Trace an existing logo on a piece of lace using a large Sharpie. You can use an aerosol paint to spray right through the lace, and it allows you to paint your logo with more detail without the extra stencils. Not having to handle the extra stencils is a great help in wet or windy weather.

At times it seems the most important step for painting for an athletic or special event is being lucky, though that luck most often occurs in conjunction with thorough preparation. I have found that when I have prepared for the worst, the results will nearly always be workable. Sometimes weather conditions will suddenly change, and if you are overly prepared, you’ll get better results than you anticipated.


Match your supplies to the surfaces you’ll be painting. Some inverted aerosol cans are not designed for applications on natural grass as their propellants will harm the grass blades. Gather all the materials you will need and have them ready to transport to the painting site.

When the field is too muddy to paint a logo, try using a colored calcined clay product in the area. Use bender boards as you apply it to give better definition to the logo.
Photos by Mike Hebrard.

Keeping an eye on the weather forecast or getting up-to-date reports from a reliable source is invaluable in making the right decisions about when and how to paint. Sometimes you can wait it out for an hour or two, or even postpone painting until the next day. However, for that big game or a special event, you usually have a painting schedule blocked out that gives you just enough time to complete the artistic process the way you had planned it.

Painting in wet conditions

When working in wet conditions, be sure to take extra measures to protect the grass or synthetic turf from equipment damage. Start with the driest surface possible. Drag a hose over the turf to remove the dew. Use a backpack blower to dry down the grass blades. Mow any high, wet grass and catch the clippings.

When using liquid paint, get the hottest water possible, even if that means mixing on-site. The warmer water will help the paint mix and dry more quickly. You may be able to fill cans with hot water at the facility, but I’ve found many school or parks and recreation sites have limited access to hot water. In those cases, I fill cans with hot water before leaving home and take them with me. Even though it cools a bit on the trip, it will still be warmer than the water you can get at many facilities.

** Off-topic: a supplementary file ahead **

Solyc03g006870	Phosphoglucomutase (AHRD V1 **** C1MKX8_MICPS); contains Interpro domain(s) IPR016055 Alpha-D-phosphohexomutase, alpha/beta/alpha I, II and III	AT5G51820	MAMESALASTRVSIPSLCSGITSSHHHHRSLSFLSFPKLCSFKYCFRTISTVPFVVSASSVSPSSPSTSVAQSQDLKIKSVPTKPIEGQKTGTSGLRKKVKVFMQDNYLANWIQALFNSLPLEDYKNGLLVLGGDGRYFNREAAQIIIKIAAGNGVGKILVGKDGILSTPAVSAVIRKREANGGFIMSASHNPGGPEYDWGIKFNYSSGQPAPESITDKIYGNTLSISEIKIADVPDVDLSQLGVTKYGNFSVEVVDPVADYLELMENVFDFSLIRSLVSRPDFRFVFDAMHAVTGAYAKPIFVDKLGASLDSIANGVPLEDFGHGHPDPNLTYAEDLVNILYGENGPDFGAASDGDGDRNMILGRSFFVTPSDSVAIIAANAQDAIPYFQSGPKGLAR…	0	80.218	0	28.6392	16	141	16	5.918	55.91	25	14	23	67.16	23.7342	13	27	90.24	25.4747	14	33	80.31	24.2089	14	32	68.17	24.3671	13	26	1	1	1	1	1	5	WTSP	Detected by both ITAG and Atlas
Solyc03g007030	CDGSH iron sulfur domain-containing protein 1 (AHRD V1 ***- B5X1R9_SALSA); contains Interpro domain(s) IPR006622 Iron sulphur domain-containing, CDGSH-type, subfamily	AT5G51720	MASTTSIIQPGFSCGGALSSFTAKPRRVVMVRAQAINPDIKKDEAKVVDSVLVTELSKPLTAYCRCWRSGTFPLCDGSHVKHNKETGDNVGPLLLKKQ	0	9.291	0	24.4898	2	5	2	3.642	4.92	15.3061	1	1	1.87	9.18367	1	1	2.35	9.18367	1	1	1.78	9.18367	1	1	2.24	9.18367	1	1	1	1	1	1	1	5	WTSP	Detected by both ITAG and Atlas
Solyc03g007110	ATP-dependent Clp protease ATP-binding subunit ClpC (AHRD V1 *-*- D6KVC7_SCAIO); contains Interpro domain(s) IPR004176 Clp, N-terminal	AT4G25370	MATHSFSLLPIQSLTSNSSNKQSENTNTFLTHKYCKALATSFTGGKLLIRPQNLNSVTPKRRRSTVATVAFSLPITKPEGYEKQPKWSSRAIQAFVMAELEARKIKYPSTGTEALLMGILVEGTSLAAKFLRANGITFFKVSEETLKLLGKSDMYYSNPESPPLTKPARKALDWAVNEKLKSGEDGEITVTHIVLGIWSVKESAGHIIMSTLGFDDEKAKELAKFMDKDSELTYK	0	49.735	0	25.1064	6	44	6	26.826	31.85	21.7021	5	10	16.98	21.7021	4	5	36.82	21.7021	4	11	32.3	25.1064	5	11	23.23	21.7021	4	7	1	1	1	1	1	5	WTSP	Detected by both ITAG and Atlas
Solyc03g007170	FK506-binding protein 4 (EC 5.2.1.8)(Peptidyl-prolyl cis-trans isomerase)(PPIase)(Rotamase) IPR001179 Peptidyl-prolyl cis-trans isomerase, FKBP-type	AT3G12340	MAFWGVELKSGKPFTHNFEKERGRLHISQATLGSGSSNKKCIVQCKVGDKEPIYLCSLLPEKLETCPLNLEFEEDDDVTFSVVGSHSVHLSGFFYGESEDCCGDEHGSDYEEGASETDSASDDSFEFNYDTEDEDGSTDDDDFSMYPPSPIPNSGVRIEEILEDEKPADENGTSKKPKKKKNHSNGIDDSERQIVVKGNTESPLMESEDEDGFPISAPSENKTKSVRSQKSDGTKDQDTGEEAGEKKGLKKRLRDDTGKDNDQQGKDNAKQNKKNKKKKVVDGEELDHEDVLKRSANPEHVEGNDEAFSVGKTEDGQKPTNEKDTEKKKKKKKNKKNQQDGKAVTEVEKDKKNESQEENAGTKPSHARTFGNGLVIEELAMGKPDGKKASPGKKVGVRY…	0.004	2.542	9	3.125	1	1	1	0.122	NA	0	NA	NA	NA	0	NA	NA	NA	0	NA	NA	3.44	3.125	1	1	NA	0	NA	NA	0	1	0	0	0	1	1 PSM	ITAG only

If possible, paint a light coat and blow it dry, then zap it with a second application. Be cautious though, if you repaint too soon you’ll dilute the first application. Pick the order of the color application to limit the time you might have to step on the previously painted color. Have a piece of cardboard or tarp available to wipe your feet on to limit unnecessary marks.

If the logo is small enough or you have a tent big enough, covering the area with a tent is an excellent way to protect your work. Side curtains will protect the area from rain blown in by the wind. Use a backpack blower or a portable space heater to help dry the paint if necessary.

Using white and the primary colors of liquid paints, you can mix to create most colors. Get a PMS color code sample. It will give you the colors you need to use to make the others.

During a light sprinkle, apply the paint as heavy as possible to help it last through the rain. Experiment for the right mix before you start the application. If the paint is too thick, it can affect the spray quality as it comes from the nozzle, creating uneven lines and patterns.

Stencil boards with high sides allow you to paint extra heavy in the wind and rain without overspray and still produce a bright, quality, straight line.

If the timetable is tight, lay out the logo with pin line aerosol cans a day or so in advance. That way, when the weather does break, you can quickly apply the paint in better conditions. When using inverted aerosol cans, keep them in a warm area. Don’t leave them in the truck or outside. The cooler they are, the longer it will take to shake them to mix the paint thoroughly before use.